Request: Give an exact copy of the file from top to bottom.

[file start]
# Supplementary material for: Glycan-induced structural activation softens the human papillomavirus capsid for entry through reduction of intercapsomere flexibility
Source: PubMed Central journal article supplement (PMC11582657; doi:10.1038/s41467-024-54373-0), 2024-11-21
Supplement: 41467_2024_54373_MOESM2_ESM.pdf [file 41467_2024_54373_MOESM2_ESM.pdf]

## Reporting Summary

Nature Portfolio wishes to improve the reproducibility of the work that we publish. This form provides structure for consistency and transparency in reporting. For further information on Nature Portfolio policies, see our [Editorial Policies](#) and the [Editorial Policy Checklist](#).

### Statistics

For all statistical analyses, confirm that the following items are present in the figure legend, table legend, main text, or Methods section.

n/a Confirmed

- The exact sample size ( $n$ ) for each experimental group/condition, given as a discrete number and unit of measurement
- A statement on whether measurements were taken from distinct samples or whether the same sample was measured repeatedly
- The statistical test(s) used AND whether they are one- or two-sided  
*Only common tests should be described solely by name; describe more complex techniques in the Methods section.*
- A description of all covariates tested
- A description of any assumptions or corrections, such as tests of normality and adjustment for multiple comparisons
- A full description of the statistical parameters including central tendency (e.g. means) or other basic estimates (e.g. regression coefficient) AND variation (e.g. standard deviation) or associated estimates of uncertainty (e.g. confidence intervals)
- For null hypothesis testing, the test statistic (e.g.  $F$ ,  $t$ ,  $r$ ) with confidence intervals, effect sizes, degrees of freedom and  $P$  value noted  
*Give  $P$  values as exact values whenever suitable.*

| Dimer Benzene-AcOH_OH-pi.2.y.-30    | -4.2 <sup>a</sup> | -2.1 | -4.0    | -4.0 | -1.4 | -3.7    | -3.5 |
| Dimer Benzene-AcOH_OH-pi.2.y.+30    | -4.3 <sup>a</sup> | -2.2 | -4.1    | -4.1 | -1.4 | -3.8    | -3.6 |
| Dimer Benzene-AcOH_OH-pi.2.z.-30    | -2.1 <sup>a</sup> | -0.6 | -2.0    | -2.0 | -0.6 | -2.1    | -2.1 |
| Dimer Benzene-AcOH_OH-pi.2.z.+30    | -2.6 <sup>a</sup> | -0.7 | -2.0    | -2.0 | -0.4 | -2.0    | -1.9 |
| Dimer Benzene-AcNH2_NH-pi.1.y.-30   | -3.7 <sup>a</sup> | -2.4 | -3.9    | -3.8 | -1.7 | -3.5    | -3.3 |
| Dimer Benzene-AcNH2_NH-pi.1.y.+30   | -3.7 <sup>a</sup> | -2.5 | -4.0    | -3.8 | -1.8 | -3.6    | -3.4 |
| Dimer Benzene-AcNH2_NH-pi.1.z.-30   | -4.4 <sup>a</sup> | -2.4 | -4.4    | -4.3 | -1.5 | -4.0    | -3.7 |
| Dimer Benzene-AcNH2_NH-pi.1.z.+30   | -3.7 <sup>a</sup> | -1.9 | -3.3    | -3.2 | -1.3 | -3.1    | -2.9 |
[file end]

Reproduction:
# Supplementary material for: Glycan-induced structural activation softens the human papillomavirus capsid for entry through reduction of intercapsomere flexibility
Source: PubMed Central journal article supplement (PMC11582657; doi:10.1038/s41467-024-54373-0), 2024-11-21
Supplement: 41467_2024_54373_MOESM2_ESM.pdf [file 41467_2024_54373_MOESM2_ESM.pdf]

## Reporting Summary

Nature Portfolio wishes to improve the reproducibility of the work that we publish. This form provides structure for consistency and transparency in reporting. For further information on Nature Portfolio policies, see our [Editorial Policies](#) and the [Editorial Policy Checklist](#).

### Statistics

For all statistical analyses, confirm that the following items are present in the figure legend, table legend, main text, or Methods section.

n/a Confirmed

- The exact sample size ( $n$ ) for each experimental group/condition, given as a discrete number and unit of measurement
- A statement on whether measurements were taken from distinct samples or whether the same sample was measured repeatedly
- The statistical test(s) used AND whether they are one- or two-sided  
*Only common tests should be described solely by name; describe more complex techniques in the Methods section.*
- A description of all covariates tested
- A description of any assumptions or corrections, such as tests of normality and adjustment for multiple comparisons
- A full description of the statistical parameters including central tendency (e.g. means) or other basic estimates (e.g. regression coefficient) AND variation (e.g. standard deviation) or associated estimates of uncertainty (e.g. confidence intervals)
- For null hypothesis testing, the test statistic (e.g.  $F$ ,  $t$ ,  $r$ ) with confidence intervals, effect sizes, degrees of freedom and  $P$  value noted  
*Give  $P$  values as exact values whenever suitable.*

| Dimer Benzene-AcOH_OH-pi.2.y.-30    | -4.2 <sup>a</sup> | -2.1 | -4.0    | -4.0 | -1.4 | -3.7    | -3.5 |
| Dimer Benzene-AcOH_OH-pi.2.y.+30    | -4.3 <sup>a</sup> | -2.2 | -4.1    | -4.1 | -1.4 | -3.8    | -3.6 |
| Dimer Benzene-AcOH_OH-pi.2.z.-30    | -2.1 <sup>a</sup> | -0.6 | -2.0    | -2.0 | -0.6 | -2.1    | -2.1 |
| Dimer Benzene-AcOH_OH-pi.2.z.+30    | -2.6 <sup>a</sup> | -0.7 | -2.0    | -2.0 | -0.4 | -2.0    | -1.9 |
| Dimer Benzene-AcNH2_NH-pi.1.y.-30   | -3.7 <sup>a</sup> | -2.4 | -3.9    | -3.8 | -1.7 | -3.5    | -3.3 |
| Dimer Benzene-AcNH2_NH-pi.1.y.+30   | -3.7 <sup>a</sup> | -2.5 | -4.0    | -3.8 | -1.8 | -3.6    | -3.4 |
| Dimer Benzene-AcNH2_NH-pi.1.z.-30   | -4.4 <sup>a</sup> | -2.4 | -4.4    | -4.3 | -1.5 | -4.0    | -3.7 |
| Dimer Benzene-AcNH2_NH-pi.1.z.+30   | -3.7 <sup>a</sup> | -1.9 | -3.3    | -3.2 | -1.3 | -3.1    | -2.9 |